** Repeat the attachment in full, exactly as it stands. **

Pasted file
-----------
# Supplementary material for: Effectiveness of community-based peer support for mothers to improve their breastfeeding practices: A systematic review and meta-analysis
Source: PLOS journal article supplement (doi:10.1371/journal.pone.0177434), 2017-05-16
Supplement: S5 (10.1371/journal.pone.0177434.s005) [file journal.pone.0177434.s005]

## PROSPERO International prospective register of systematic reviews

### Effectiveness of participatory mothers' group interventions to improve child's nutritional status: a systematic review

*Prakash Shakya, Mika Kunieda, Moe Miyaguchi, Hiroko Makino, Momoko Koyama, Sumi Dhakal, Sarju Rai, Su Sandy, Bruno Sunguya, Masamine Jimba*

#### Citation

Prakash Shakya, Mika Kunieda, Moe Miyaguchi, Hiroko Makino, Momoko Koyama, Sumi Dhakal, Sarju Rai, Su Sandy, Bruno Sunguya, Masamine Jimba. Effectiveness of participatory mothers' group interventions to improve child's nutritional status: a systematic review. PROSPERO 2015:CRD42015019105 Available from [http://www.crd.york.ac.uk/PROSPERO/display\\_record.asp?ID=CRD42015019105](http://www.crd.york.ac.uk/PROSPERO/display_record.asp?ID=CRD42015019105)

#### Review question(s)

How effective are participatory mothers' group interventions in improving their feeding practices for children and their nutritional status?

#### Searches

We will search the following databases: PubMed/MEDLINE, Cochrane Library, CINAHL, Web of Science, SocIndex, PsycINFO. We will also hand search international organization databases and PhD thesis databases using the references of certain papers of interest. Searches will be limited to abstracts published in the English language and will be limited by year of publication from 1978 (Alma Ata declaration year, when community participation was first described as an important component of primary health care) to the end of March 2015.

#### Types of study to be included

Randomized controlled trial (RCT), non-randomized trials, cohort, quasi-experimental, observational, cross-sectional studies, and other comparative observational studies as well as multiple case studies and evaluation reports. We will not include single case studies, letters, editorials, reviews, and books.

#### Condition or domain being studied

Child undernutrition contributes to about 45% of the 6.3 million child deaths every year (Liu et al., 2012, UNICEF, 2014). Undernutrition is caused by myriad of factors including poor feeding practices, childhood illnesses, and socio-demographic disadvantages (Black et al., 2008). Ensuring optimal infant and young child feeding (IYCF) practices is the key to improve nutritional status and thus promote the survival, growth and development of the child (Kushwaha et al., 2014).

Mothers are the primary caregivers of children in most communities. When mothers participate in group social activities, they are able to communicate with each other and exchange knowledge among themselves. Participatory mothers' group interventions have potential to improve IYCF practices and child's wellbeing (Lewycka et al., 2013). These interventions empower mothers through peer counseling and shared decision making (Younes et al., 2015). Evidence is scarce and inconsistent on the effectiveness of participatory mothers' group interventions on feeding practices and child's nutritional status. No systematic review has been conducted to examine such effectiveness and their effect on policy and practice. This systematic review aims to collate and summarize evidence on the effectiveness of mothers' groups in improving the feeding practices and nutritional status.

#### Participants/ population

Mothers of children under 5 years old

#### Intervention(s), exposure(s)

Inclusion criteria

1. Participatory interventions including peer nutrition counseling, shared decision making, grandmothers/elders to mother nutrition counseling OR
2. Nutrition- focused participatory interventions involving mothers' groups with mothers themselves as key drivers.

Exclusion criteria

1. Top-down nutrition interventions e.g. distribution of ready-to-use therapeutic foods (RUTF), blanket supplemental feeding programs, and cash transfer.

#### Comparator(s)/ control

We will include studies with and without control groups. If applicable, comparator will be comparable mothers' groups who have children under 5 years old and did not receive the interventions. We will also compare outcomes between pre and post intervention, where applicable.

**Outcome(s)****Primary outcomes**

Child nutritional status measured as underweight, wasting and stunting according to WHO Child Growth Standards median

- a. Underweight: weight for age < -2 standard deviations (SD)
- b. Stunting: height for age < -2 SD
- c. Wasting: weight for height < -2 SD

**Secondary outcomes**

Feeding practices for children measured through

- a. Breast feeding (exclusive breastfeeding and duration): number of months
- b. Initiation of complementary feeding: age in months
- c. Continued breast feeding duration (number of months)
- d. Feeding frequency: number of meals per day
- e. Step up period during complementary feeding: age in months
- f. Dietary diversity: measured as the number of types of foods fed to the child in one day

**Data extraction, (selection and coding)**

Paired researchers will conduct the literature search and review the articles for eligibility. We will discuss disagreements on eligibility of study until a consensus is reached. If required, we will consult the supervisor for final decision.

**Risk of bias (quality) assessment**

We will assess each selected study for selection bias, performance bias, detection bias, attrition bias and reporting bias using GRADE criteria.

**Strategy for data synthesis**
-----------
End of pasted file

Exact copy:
# Supplementary material for: Effectiveness of community-based peer support for mothers to improve their breastfeeding practices: A systematic review and meta-analysis
Source: PLOS journal article supplement (doi:10.1371/journal.pone.0177434), 2017-05-16
Supplement: S5 (10.1371/journal.pone.0177434.s005) [file journal.pone.0177434.s005]

## PROSPERO International prospective register of systematic reviews

### Effectiveness of participatory mothers' group interventions to improve child's nutritional status: a systematic review

*Prakash Shakya, Mika Kunieda, Moe Miyaguchi, Hiroko Makino, Momoko Koyama, Sumi Dhakal, Sarju Rai, Su Sandy, Bruno Sunguya, Masamine Jimba*

#### Citation

Prakash Shakya, Mika Kunieda, Moe Miyaguchi, Hiroko Makino, Momoko Koyama, Sumi Dhakal, Sarju Rai, Su Sandy, Bruno Sunguya, Masamine Jimba. Effectiveness of participatory mothers' group interventions to improve child's nutritional status: a systematic review. PROSPERO 2015:CRD42015019105 Available from [http://www.crd.york.ac.uk/PROSPERO/display\\_record.asp?ID=CRD42015019105](http://www.crd.york.ac.uk/PROSPERO/display_record.asp?ID=CRD42015019105)

#### Review question(s)

How effective are participatory mothers' group interventions in improving their feeding practices for children and their nutritional status?

#### Searches

We will search the following databases: PubMed/MEDLINE, Cochrane Library, CINAHL, Web of Science, SocIndex, PsycINFO. We will also hand search international organization databases and PhD thesis databases using the references of certain papers of interest. Searches will be limited to abstracts published in the English language and will be limited by year of publication from 1978 (Alma Ata declaration year, when community participation was first described as an important component of primary health care) to the end of March 2015.

#### Types of study to be included

Randomized controlled trial (RCT), non-randomized trials, cohort, quasi-experimental, observational, cross-sectional studies, and other comparative observational studies as well as multiple case studies and evaluation reports. We will not include single case studies, letters, editorials, reviews, and books.

#### Condition or domain being studied

Child undernutrition contributes to about 45% of the 6.3 million child deaths every year (Liu et al., 2012, UNICEF, 2014). Undernutrition is caused by myriad of factors including poor feeding practices, childhood illnesses, and socio-demographic disadvantages (Black et al., 2008). Ensuring optimal infant and young child feeding (IYCF) practices is the key to improve nutritional status and thus promote the survival, growth and development of the child (Kushwaha et al., 2014).

Mothers are the primary caregivers of children in most communities. When mothers participate in group social activities, they are able to communicate with each other and exchange knowledge among themselves. Participatory mothers' group interventions have potential to improve IYCF practices and child's wellbeing (Lewycka et al., 2013). These interventions empower mothers through peer counseling and shared decision making (Younes et al., 2015). Evidence is scarce and inconsistent on the effectiveness of participatory mothers' group interventions on feeding practices and child's nutritional status. No systematic review has been conducted to examine such effectiveness and their effect on policy and practice. This systematic review aims to collate and summarize evidence on the effectiveness of mothers' groups in improving the feeding practices and nutritional status.

#### Participants/ population

Mothers of children under 5 years old

#### Intervention(s), exposure(s)

Inclusion criteria

1. Participatory interventions including peer nutrition counseling, shared decision making, grandmothers/elders to mother nutrition counseling OR
2. Nutrition- focused participatory interventions involving mothers' groups with mothers themselves as key drivers.

Exclusion criteria

1. Top-down nutrition interventions e.g. distribution of ready-to-use therapeutic foods (RUTF), blanket supplemental feeding programs, and cash transfer.

#### Comparator(s)/ control

We will include studies with and without control groups. If applicable, comparator will be comparable mothers' groups who have children under 5 years old and did not receive the interventions. We will also compare outcomes between pre and post intervention, where applicable.

**Outcome(s)****Primary outcomes**

Child nutritional status measured as underweight, wasting and stunting according to WHO Child Growth Standards median

- a. Underweight: weight for age < -2 standard deviations (SD)
- b. Stunting: height for age < -2 SD
- c. Wasting: weight for height < -2 SD

**Secondary outcomes**

Feeding practices for children measured through

- a. Breast feeding (exclusive breastfeeding and duration): number of months
- b. Initiation of complementary feeding: age in months
- c. Continued breast feeding duration (number of months)
- d. Feeding frequency: number of meals per day
- e. Step up period during complementary feeding: age in months
- f. Dietary diversity: measured as the number of types of foods fed to the child in one day

**Data extraction, (selection and coding)**

Paired researchers will conduct the literature search and review the articles for eligibility. We will discuss disagreements on eligibility of study until a consensus is reached. If required, we will consult the supervisor for final decision.

**Risk of bias (quality) assessment**

We will assess each selected study for selection bias, performance bias, detection bias, attrition bias and reporting bias using GRADE criteria.

**Strategy for data synthesis**